After the shock of the United Kingdom’s Brexit referendum and Donald Trump’s election as President of the United States in 2016, this will be a decisive year for Europe. Upcoming parliamentary elections in France, Germany, the Netherlands, and possibly Italy will decide whether the European Union will hold together, or whether it will disintegrate under the neo-nationalist wave sweeping the West.
Meanwhile, the Brexit negotiations will begin in earnest, providing a glimpse of the future of the EU-UK relationship. And Trump’s inauguration on January 20 may someday be remembered as a watershed moment for Europe.
Judging by Trump’s past statements about Europe and its relationship with the US, the EU should be preparing for some profound shocks. The incoming US president, an exponent of the new nationalism, does not believe in European integration.
Here he has an ally in Russian President Vladimir Putin, who has long tried to destabilize the EU by supporting nationalist forces and movements in its member states. If the Trump administration supports or turns a blind eye to those efforts, the EU – sandwiched between Russian trolls and Breitbart News – will have to brace itself for challenging times indeed.
The consequences for the EU will be even more serious if, in addition to setting the US relationship with Russia on a new foundation, Trump continues to call into question America’s security guarantee for Europe. Such a move would be at the expense of NATO, which has institutionalized the US security umbrella for more than six decades. Europeans would suddenly find themselves standing alone against a Russia that has increasingly employed military means to challenge borders, such as in Ukraine, and to reassert its influence – or even hegemony – over Eastern Europe.
We will soon know what comes next for NATO, but much harm has already been done. Security guarantees are not just a matter of military hardware. The guarantor also must project a credible message that it is willing to defend its allies whenever necessary. Thus, such arrangements depend largely on psychology, and on a country’s trustworthiness vis-à-vis friends and foes alike. When that credibility is damaged, there is a growing risk of provocation – and, with it, the threat of escalation into larger crises, or even armed conflict.
Given this risk, the EU should now shore up what it has left with respect to NATO and focus on salvaging its own institutional, economic, and legal integration. But it should also look to its member states to provide a second security option.
The EU itself is based on soft power: it was not designed to guarantee European security, and it is not positioned in its current form to confront a hard-power challenge. This means that it will fall to its two largest and economically strongest countries, France and Germany, to bolster Europe’s defense. Other countries such as Italy, Belgium, the Netherlands, Luxembourg, Spain, and Poland will also have a role to play, but France and Germany are indispensable.
Of course, living in continental Europe means having Russia as a neighbor, and neighborly relations, generally speaking, should be based on peace, cooperation, and mutual respect (especially when one’s neighbor is a nuclear power). But Europeans cannot harbor any illusions about Russia’s intent. The Kremlin approaches foreign policy as a zero-sum game, which means that it will always prioritize military strength and geopolitical power over cooperative security arrangements.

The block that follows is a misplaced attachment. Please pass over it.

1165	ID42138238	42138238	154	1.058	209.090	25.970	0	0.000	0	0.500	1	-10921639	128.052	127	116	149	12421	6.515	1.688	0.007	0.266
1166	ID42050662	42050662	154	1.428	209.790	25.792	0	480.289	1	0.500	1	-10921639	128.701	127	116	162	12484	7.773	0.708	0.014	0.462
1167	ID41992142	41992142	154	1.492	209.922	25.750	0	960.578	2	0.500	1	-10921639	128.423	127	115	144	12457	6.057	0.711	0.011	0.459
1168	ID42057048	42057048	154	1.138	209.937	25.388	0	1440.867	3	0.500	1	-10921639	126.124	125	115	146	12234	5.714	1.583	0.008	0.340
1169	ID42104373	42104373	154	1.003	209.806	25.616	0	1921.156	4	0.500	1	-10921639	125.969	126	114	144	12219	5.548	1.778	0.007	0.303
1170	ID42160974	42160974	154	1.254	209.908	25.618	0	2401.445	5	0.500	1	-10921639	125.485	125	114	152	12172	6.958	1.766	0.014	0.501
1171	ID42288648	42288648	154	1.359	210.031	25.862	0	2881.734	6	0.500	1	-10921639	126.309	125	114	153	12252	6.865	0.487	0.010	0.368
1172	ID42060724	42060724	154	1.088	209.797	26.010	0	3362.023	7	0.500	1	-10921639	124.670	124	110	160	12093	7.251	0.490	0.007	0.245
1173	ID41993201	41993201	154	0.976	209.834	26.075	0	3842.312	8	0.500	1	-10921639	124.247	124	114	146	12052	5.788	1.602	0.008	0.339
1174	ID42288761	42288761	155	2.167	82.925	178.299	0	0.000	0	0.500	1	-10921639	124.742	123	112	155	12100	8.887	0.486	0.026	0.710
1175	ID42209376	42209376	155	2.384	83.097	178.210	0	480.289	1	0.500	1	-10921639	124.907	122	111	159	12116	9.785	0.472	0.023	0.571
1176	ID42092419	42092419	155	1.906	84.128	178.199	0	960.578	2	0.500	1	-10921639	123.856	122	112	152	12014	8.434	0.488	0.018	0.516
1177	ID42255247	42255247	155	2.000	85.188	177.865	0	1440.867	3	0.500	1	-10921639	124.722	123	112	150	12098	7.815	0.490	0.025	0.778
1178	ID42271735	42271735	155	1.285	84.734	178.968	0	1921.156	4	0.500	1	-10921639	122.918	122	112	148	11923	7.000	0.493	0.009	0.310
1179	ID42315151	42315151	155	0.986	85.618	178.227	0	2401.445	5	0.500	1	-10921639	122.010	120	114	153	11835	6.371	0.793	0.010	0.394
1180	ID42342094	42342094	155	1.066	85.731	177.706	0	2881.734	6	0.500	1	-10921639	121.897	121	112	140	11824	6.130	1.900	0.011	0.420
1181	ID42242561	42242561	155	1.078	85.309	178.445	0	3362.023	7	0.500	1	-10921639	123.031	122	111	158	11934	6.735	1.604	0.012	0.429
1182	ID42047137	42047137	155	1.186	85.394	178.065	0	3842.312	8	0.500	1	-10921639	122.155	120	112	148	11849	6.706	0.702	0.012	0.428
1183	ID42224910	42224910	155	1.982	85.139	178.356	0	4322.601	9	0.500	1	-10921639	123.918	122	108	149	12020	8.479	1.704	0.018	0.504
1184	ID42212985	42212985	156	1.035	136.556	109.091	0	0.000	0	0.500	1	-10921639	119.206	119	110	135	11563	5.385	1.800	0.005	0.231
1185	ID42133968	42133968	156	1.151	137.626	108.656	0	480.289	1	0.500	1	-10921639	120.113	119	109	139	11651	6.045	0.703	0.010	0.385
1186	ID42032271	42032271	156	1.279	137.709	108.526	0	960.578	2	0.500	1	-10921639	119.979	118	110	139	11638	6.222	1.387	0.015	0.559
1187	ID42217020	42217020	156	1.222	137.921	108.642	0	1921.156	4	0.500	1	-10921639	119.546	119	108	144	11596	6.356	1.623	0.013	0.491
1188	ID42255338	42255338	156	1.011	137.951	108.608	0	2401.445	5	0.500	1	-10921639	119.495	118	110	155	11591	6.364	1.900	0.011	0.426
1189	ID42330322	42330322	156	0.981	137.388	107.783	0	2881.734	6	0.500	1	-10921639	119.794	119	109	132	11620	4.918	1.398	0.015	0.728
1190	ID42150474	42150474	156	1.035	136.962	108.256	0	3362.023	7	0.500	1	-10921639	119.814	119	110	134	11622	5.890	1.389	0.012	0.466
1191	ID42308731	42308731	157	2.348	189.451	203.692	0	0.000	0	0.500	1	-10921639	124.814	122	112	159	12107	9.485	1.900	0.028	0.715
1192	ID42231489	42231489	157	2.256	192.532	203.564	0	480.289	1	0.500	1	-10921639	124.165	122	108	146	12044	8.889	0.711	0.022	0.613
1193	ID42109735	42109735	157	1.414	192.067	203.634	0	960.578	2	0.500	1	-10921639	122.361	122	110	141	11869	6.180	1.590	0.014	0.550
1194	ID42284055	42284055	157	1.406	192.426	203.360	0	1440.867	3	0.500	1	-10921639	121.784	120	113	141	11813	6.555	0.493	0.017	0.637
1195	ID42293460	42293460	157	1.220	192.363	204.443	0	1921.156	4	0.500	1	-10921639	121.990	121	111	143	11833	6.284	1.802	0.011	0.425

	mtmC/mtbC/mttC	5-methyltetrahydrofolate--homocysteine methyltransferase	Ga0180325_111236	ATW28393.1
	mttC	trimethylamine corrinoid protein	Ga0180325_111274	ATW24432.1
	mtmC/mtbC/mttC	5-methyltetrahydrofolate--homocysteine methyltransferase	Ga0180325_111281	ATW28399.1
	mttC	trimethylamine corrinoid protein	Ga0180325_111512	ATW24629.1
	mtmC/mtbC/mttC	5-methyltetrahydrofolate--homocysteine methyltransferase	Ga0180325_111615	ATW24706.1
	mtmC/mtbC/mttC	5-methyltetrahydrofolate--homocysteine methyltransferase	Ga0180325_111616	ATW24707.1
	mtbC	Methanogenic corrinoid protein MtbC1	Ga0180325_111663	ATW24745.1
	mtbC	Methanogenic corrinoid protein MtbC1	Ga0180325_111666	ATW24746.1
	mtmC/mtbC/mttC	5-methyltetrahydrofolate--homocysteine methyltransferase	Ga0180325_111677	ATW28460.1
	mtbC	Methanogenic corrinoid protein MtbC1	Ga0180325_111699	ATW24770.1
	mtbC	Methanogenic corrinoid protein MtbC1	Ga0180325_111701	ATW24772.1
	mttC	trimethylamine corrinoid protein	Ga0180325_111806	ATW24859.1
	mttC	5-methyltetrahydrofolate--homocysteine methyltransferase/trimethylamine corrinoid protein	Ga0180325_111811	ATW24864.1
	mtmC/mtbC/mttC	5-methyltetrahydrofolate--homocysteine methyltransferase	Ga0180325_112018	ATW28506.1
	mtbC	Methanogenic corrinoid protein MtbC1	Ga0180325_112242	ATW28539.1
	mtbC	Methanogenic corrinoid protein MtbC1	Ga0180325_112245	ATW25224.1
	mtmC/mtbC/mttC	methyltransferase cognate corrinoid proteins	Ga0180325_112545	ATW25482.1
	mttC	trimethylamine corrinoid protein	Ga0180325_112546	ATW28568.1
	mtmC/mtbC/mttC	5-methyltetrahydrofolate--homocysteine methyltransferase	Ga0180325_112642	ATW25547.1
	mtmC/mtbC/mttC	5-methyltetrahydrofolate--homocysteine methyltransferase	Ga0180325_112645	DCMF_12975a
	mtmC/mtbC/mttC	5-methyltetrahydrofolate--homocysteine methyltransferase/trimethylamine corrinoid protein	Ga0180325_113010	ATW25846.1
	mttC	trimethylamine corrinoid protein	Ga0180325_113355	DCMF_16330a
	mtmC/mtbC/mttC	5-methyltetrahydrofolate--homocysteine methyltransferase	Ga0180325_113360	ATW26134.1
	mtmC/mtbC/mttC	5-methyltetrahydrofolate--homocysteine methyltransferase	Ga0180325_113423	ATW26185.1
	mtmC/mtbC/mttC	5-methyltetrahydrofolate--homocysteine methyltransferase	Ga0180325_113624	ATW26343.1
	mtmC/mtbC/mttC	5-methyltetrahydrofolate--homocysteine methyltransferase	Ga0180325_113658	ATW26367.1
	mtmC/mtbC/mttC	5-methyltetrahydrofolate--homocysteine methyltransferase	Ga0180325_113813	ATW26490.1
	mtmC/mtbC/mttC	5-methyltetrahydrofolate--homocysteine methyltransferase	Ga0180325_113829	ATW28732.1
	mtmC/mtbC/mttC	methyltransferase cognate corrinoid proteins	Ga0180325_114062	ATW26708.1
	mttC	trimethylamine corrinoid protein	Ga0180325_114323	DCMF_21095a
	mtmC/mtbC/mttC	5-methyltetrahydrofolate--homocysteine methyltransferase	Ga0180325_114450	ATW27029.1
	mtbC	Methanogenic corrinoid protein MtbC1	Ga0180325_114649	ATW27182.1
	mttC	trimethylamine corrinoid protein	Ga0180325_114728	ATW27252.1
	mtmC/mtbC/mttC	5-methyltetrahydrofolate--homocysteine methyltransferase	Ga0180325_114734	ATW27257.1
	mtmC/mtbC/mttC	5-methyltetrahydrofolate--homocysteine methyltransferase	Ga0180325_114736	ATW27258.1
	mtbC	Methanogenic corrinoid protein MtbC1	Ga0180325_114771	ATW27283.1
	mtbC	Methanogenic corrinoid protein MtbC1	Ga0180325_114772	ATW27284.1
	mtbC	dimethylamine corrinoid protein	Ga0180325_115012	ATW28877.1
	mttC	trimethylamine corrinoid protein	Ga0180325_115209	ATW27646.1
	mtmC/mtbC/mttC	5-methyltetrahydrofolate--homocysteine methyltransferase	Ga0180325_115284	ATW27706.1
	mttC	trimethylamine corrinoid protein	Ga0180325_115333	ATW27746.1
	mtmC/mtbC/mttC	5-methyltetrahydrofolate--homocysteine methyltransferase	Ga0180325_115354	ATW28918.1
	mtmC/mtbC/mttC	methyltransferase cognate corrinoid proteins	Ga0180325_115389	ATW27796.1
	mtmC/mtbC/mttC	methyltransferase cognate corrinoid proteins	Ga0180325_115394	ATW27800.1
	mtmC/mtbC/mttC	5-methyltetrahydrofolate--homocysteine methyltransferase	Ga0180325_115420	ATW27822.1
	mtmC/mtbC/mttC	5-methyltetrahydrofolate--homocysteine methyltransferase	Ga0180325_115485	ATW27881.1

Russia does not view weakness or the lack of a threat from its neighbors as a basis for peace, but rather as an invitation to extend its own sphere of influence. So, power asymmetry in Eastern Europe will lead only to instability. If Europe wants a stable, enduring peace, it first must ensure that it is taken seriously, which is clearly not the case today. Europe can credibly strengthen its security only if France and Germany work together toward the same goal, which they will have an opportunity to do after their elections this year.
EU diplomats used to murmur off the record that Germany and France would never see eye to eye on military and financial issues, owing to their different histories and cultures. But if security conditions take a turn for the worse, that may no longer be the case. Indeed, reaching a compromise on both sides of the Rhine should not be so difficult: France undoubtedly has the experience to lead on defense; and the same goes for Germany on financial matters.
If pursuing this European security option prompts the US to renew its own security guarantee, so much the better. Meanwhile, the EU should also forge a post-Brexit cooperative strategic arrangement with the UK, whose geopolitical position and security interests will remain unchanged.
The old EU developed into an economic power because it was protected beneath the US security umbrella. But without this guarantee, it can address its current geopolitical realities only by developing its own capacity to project political and military power. Six decades after the Treaty of Rome established the European Economic Community, history and current developments are pushing France and Germany to shape Europe’s future once again.